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Five years ago I woke from a dream and looked around me. I had thought I had love and happiness in my hands, and now I found they had slipped through my fingers like water.

The sense of loss was appalling. There were moments it would have been easier to die – except that death runs on nobody’s schedule. It will come when we don’t want it to come; it is not as easy as we might think, to make it come when we do.

And so we live, in spite of ourselves, and eventually the living gets us through. Meanwhile the years are adding up, and we find that even though we feel we are the same people we have always been, we are not. Wiser, maybe; older, for sure.

This may sound morbid, but I don’t think it is. At the heart of the matter is the old philosophical question: if we could have eternal life, would we want it? Is it not perhaps the very fact that life is finite, that it is a constantly accelerating journey through time and space, through a thousand experiences and feelings and emotions and discoveries, towards some unknown end, that gives life its meaning, that makes wisdom possible, that makes love and reconciliation necessary and desirable? Is it not death that shows us, in the end, the infinite possibilities of being human?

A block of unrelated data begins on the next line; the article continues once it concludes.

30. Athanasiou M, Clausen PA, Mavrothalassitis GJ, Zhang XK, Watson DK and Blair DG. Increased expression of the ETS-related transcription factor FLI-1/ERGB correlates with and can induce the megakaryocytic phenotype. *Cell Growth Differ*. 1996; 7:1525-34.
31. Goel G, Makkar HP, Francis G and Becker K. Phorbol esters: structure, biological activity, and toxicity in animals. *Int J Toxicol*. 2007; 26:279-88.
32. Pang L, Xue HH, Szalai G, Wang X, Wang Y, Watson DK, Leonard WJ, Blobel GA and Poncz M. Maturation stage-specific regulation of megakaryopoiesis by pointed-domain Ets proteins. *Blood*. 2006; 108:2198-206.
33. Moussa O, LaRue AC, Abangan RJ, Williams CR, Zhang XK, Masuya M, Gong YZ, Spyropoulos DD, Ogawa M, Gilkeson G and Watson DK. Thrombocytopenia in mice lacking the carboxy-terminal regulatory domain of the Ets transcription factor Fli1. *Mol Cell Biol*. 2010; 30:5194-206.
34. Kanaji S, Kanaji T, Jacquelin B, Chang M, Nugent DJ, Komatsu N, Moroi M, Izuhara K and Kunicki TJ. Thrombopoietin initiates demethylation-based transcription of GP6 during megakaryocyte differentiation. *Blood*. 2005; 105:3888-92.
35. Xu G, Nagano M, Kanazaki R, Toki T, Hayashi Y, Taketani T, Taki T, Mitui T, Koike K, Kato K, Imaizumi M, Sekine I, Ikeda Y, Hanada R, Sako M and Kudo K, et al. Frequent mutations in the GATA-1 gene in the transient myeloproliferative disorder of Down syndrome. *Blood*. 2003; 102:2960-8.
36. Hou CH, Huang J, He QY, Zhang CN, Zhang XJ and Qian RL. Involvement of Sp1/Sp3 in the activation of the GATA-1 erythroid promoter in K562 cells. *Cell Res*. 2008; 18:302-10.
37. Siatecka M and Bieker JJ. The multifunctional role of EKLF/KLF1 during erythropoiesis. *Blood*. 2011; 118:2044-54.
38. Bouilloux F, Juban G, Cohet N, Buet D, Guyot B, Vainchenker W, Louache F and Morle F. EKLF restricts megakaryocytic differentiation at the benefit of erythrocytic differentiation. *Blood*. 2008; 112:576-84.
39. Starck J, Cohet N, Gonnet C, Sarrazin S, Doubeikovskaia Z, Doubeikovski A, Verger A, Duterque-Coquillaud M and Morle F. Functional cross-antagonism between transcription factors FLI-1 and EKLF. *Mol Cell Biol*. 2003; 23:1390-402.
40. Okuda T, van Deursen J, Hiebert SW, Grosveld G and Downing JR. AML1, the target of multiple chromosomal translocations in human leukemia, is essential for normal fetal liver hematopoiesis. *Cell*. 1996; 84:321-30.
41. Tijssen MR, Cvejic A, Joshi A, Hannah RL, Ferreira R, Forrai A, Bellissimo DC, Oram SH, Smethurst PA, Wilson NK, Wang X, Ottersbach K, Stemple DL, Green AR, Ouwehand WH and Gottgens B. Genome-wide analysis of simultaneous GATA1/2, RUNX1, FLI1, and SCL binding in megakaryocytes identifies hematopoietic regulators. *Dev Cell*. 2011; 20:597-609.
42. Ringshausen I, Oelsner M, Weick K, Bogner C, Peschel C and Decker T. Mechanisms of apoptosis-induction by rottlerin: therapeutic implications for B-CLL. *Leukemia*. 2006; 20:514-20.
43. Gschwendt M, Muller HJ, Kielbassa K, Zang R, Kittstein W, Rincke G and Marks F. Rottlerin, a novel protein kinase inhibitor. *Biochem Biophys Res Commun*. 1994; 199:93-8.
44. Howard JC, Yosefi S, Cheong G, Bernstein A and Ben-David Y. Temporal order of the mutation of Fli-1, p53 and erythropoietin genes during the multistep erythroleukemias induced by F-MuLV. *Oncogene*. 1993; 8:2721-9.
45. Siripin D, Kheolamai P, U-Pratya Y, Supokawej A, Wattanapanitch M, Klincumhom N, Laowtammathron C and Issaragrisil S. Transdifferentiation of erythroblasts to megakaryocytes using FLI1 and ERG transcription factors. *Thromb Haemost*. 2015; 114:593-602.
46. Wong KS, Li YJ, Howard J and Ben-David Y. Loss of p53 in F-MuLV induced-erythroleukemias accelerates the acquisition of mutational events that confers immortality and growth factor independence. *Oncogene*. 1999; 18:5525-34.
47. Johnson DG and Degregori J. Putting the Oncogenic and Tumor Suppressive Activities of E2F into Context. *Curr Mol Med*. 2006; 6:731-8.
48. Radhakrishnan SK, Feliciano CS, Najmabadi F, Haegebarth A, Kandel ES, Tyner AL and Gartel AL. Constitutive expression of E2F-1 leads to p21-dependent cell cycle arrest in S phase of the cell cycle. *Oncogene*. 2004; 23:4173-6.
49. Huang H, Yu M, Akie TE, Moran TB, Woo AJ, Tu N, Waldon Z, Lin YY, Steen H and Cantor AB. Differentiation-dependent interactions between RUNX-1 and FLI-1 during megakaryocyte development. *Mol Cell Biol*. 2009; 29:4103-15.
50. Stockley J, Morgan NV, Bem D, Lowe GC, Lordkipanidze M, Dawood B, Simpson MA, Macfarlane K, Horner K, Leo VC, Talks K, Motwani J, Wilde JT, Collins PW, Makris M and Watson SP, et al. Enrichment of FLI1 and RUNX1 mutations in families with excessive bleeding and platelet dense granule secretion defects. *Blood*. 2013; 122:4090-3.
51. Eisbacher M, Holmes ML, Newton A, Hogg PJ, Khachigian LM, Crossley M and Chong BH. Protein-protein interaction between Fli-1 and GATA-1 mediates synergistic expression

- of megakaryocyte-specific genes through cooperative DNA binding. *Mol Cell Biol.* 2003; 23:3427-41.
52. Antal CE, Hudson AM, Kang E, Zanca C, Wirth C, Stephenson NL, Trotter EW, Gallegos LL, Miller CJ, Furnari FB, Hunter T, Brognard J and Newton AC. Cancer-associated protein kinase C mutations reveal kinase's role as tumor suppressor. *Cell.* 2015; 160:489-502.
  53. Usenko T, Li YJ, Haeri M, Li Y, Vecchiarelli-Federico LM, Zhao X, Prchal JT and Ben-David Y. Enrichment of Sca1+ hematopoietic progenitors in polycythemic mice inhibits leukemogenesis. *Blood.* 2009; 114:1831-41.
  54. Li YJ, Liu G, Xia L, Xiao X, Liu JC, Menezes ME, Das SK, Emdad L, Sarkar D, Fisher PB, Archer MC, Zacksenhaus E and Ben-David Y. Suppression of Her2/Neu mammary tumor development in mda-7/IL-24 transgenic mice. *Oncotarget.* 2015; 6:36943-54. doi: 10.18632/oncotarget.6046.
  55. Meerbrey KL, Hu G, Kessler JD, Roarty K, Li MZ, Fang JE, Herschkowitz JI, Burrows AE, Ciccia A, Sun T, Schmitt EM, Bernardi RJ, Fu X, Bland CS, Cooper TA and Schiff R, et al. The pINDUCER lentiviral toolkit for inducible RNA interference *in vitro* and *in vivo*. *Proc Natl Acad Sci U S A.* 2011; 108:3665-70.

Living for ever – I find myself thinking of the characters in A Clockwork Orange, eyes taped wide open, forced to listen to music that goes on and on and will never stop. Eternity? No thanks, not really.

I wrote to Rob the other day, that we should look forward to twenty good years together, or more. She wrote back, people are living longer these days, look at how well your mom is doing: we can be active and happy well into our eighties.

Hopefully so. But in the end it will not be about the number of years – at least, not that only – but about living our lives well. And that opportunity, five years further on, is precisely what Rob has given me.

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